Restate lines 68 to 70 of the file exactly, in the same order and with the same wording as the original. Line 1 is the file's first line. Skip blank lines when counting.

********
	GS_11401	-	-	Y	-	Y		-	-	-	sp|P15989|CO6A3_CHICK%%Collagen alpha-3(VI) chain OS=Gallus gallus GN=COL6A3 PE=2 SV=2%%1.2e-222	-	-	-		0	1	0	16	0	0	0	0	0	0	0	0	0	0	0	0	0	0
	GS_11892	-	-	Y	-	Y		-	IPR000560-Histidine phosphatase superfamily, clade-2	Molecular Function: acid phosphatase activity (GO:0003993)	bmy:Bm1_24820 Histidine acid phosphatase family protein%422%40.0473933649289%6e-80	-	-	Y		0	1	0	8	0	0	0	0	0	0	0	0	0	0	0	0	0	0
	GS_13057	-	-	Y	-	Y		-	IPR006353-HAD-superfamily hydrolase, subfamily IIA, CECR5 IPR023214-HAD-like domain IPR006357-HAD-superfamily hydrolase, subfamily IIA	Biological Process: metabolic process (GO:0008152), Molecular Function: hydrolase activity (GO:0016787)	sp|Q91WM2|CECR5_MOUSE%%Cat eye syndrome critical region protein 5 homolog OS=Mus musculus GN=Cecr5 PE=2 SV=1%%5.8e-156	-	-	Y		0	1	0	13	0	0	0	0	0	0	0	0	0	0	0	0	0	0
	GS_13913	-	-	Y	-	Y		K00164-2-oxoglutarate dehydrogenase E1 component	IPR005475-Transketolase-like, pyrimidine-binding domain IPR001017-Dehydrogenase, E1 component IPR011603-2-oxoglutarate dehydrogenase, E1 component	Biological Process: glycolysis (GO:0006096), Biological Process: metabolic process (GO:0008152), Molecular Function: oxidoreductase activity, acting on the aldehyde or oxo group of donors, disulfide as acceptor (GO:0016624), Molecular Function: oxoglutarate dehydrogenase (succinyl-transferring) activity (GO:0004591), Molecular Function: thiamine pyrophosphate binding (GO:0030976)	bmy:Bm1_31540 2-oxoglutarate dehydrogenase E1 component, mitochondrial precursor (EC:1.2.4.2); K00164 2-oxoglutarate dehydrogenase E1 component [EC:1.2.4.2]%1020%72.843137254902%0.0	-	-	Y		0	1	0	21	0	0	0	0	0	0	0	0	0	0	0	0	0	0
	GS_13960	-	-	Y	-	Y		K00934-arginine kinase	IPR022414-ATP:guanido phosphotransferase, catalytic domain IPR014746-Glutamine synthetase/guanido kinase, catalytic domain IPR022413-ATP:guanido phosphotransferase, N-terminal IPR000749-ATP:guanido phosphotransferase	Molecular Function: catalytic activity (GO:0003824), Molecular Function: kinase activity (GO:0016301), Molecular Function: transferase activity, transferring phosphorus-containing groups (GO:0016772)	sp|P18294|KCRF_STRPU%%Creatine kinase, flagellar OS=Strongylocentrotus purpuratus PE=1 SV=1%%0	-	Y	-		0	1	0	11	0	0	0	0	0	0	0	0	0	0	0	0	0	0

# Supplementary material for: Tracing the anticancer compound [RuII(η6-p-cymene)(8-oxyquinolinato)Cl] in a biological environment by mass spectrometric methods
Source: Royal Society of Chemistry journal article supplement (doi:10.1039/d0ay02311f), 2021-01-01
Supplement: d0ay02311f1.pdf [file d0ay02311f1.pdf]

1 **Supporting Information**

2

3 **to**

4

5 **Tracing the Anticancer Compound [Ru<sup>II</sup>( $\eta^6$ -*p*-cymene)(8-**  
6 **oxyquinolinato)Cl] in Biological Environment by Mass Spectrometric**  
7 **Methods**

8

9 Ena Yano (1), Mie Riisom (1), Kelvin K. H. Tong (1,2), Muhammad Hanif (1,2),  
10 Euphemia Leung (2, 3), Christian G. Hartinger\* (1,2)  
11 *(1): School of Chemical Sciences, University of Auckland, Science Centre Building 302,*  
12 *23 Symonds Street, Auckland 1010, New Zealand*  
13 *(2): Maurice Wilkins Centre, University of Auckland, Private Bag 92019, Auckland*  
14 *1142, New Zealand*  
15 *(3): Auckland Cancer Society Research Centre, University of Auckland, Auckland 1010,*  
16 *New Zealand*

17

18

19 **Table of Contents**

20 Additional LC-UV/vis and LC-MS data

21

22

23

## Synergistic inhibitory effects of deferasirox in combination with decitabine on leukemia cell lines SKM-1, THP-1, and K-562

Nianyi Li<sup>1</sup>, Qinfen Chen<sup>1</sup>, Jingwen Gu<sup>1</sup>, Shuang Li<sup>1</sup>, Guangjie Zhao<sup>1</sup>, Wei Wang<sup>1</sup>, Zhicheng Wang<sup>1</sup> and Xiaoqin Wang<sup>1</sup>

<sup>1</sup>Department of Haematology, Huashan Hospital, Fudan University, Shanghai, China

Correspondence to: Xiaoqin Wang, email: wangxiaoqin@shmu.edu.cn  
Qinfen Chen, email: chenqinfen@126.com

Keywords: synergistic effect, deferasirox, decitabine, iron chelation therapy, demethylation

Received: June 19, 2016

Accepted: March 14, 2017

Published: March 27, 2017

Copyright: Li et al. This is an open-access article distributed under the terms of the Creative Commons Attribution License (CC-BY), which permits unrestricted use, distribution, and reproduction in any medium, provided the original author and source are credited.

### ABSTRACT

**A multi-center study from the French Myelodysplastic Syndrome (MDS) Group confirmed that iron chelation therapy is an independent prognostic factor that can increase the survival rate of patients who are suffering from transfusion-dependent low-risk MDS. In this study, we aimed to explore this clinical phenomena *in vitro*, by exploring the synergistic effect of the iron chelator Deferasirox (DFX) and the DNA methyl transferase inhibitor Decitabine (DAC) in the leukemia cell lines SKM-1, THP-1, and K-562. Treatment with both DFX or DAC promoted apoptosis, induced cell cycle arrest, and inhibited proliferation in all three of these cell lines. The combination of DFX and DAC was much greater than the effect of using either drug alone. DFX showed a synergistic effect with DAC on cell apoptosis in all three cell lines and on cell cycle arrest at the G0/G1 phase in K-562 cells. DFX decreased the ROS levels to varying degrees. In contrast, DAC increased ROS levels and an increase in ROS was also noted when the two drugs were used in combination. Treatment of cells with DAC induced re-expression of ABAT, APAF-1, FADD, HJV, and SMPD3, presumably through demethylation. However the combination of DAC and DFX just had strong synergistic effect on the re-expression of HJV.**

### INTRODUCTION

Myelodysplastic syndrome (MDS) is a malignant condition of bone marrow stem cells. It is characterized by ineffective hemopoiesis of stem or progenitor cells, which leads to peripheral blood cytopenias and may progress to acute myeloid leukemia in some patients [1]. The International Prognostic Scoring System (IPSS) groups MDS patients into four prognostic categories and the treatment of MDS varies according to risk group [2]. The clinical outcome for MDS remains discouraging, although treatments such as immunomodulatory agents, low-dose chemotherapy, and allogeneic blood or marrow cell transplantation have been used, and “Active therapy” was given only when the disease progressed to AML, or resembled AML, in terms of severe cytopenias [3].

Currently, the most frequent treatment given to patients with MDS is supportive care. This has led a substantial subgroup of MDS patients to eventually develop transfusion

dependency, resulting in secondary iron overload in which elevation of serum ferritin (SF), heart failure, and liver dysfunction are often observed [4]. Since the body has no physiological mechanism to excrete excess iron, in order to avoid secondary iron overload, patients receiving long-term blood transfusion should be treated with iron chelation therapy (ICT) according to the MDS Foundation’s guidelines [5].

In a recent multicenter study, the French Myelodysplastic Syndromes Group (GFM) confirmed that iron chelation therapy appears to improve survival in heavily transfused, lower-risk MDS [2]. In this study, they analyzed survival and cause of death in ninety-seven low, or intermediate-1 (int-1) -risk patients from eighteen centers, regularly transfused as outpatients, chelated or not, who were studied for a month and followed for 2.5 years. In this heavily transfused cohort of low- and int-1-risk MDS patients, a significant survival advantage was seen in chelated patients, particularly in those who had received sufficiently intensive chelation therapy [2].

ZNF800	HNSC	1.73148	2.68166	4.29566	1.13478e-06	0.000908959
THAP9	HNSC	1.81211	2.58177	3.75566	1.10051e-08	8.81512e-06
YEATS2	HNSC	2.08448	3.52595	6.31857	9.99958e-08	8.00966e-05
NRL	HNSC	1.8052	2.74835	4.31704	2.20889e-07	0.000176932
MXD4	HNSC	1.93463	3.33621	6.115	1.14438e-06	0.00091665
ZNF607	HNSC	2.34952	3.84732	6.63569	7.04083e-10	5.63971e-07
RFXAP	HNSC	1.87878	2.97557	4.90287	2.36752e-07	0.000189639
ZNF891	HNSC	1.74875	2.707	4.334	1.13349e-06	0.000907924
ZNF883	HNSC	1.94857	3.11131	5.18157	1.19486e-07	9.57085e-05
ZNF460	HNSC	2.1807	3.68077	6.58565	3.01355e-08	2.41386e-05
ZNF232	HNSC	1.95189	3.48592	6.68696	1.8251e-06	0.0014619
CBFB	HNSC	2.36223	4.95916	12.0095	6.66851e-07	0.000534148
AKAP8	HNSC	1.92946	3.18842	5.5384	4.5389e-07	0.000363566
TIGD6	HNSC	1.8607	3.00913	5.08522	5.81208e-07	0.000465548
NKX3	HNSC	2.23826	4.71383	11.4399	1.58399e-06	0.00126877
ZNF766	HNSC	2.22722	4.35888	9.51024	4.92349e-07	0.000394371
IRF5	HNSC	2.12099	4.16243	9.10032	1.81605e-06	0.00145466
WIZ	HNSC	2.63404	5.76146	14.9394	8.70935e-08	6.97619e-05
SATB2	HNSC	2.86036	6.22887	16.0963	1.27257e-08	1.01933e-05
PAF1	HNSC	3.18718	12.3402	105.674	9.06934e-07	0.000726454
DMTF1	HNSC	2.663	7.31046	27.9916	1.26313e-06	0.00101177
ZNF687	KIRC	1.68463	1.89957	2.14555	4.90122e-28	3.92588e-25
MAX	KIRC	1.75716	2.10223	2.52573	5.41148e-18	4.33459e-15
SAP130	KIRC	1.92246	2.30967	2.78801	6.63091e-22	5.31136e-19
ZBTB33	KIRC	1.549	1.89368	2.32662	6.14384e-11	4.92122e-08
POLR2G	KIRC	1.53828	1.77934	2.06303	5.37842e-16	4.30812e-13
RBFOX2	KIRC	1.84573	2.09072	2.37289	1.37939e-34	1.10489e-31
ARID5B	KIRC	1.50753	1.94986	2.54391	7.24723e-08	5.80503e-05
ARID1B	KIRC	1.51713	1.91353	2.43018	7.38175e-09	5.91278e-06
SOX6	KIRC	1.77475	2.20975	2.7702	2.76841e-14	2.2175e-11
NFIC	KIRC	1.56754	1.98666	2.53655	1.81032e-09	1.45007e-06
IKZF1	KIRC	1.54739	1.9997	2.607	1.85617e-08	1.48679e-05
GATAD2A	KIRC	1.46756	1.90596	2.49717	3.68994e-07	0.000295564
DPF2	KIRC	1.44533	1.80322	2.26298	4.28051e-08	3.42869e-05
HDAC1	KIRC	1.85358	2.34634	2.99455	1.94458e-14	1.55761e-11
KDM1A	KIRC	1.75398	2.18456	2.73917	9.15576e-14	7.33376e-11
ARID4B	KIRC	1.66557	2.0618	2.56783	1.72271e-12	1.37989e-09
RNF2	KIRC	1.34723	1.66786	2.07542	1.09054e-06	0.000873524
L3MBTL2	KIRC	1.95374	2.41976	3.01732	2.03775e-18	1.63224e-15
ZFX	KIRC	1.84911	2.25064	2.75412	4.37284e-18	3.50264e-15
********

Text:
PAF1	HNSC	3.18718	12.3402	105.674	9.06934e-07	0.000726454
DMTF1	HNSC	2.663	7.31046	27.9916	1.26313e-06	0.00101177
ZNF687	KIRC	1.68463	1.89957	2.14555	4.90122e-28	3.92588e-25